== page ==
Commentary: Student debt is an academic problem


Educational debt is a trap of veterinary colleges own making, says this longtime academician.

(Getty Images)Many leaders in higher education will instinctively resist the suggestion that student debt is an academic problem. They will insist that declining government financial support is the cause. Further, they will add that easy student access to federally backed educational loans has enabled colleges and universities to raise tuition and fees excessively. They will also point out that low entry-level veterinary practice salaries make high educational debt a particularly heavy burden for a new veterinary graduate.

All of these assertions are undeniably true. Nevertheless, veterinary colleges must accept that controlling educational costs is largely their business, irrespective of the various contributing elements.

As higher education fell on hard times, the veterinary colleges decided, as academic institutions always do, that the only answer to budget shortfalls was more money. There has been a threefold increase in the cost of attending college since the mid-1980s. Nearly 90 percent of veterinary graduates have educational debt, and according to 2016 AVMA estimates, the average veterinary graduate incurs a debt of nearly $144,000, though I know that some are saddled with a debt of $300,000 and higher. This is a recipe for profound personal hardship.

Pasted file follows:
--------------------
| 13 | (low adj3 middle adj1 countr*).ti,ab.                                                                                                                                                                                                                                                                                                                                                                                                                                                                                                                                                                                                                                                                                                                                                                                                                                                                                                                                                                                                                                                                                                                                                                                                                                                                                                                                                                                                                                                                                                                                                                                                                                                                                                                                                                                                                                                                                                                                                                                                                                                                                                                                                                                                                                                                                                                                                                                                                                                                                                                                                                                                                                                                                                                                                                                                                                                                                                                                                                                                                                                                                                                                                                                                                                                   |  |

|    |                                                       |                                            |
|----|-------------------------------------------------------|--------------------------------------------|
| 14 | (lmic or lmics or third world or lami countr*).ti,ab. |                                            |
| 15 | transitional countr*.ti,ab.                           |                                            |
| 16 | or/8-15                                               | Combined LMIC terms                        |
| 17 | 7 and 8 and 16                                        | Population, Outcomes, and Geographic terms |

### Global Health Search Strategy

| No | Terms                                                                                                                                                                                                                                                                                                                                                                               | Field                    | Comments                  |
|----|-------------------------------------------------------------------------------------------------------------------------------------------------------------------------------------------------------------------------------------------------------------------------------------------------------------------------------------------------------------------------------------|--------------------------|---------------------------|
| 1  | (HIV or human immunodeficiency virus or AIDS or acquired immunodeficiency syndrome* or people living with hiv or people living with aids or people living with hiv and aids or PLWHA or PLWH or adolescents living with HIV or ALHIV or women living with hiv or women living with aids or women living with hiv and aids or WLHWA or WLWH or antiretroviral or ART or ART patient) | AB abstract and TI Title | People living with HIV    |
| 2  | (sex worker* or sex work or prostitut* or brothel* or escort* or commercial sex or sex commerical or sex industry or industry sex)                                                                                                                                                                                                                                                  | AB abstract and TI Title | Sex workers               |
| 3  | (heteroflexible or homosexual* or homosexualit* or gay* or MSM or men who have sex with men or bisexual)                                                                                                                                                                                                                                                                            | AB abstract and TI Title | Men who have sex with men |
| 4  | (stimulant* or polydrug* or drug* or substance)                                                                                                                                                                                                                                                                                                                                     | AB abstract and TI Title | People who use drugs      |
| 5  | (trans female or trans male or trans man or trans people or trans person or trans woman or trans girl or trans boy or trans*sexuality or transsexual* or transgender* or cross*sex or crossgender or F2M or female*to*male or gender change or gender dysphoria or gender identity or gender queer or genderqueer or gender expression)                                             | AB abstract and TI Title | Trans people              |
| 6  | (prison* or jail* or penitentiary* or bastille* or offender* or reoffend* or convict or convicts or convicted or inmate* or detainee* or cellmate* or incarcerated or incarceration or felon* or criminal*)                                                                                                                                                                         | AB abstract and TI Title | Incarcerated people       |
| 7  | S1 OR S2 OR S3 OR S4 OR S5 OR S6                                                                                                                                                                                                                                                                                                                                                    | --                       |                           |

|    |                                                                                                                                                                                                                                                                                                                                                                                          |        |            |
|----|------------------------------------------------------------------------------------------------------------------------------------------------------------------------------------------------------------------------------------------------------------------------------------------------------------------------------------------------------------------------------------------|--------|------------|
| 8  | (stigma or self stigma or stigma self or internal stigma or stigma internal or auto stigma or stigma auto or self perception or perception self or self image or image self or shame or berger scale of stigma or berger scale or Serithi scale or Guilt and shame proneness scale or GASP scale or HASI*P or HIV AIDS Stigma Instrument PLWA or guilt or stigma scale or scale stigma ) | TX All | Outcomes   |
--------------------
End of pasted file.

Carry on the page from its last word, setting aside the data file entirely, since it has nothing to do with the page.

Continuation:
The tendency to blame veterinary students' economic woes on their own lack of financial acumen is just an excuse for our failure to acknowledge the serious consequences of overwhelming debt, and it's patently unfair. Students have no access to, nor influence on, the political systems that created the tuition-debt problem, so they are left to deal with the financial burden without recourse. Tuition is set by and for the colleges; it's up to them to make it right.

A budget-enhancing device used by universities is the generation of philanthropic revenue. Certainly, boosting private income is an excellent strategy, though it will take massive fundraising efforts to significantly offset the cost of veterinary education.

Instead of continually demanding more and more money, colleges should take deliberate steps to reduce their spending. Opportunities to cut down on costs may be found in the DVM curriculum delivery, facilities management, faculty and staff appointments, and administration, among others. Additionally, students' out-of-pocket costs could be significantly reduced by shortening pre-veterinary education, perhaps from four to two years, as suggested in a letter by John Baker, DVM, dean of the College of Veterinary Medicine at Michigan State University, published in the Journal of the American Veterinary Medical Association in 2017. Other efforts such as requiring financial literacy education and improving career and wellness counseling would also be beneficial.

Resistance to change is inevitable. Nevertheless, we need to be clear-eyed and tough-minded in assessing what's happening to veterinary education and the veterinary profession and why. We cannot expect to solve the student debt problem using the same thinking that got us into it, and we will not meet society's important animal health needs by disabling the graduates on whom the veterinary profession's future depends. Veterinary colleges must have the courage, humanity and humility to control the tuition-debt problem before it is too late. It is hard to imagine anything more consequential or urgent.


Dr. Peter Eyre is professor and dean emeritus at the Virginia-Maryland College of Veterinary Medicine in Blacksburg, Virginia.

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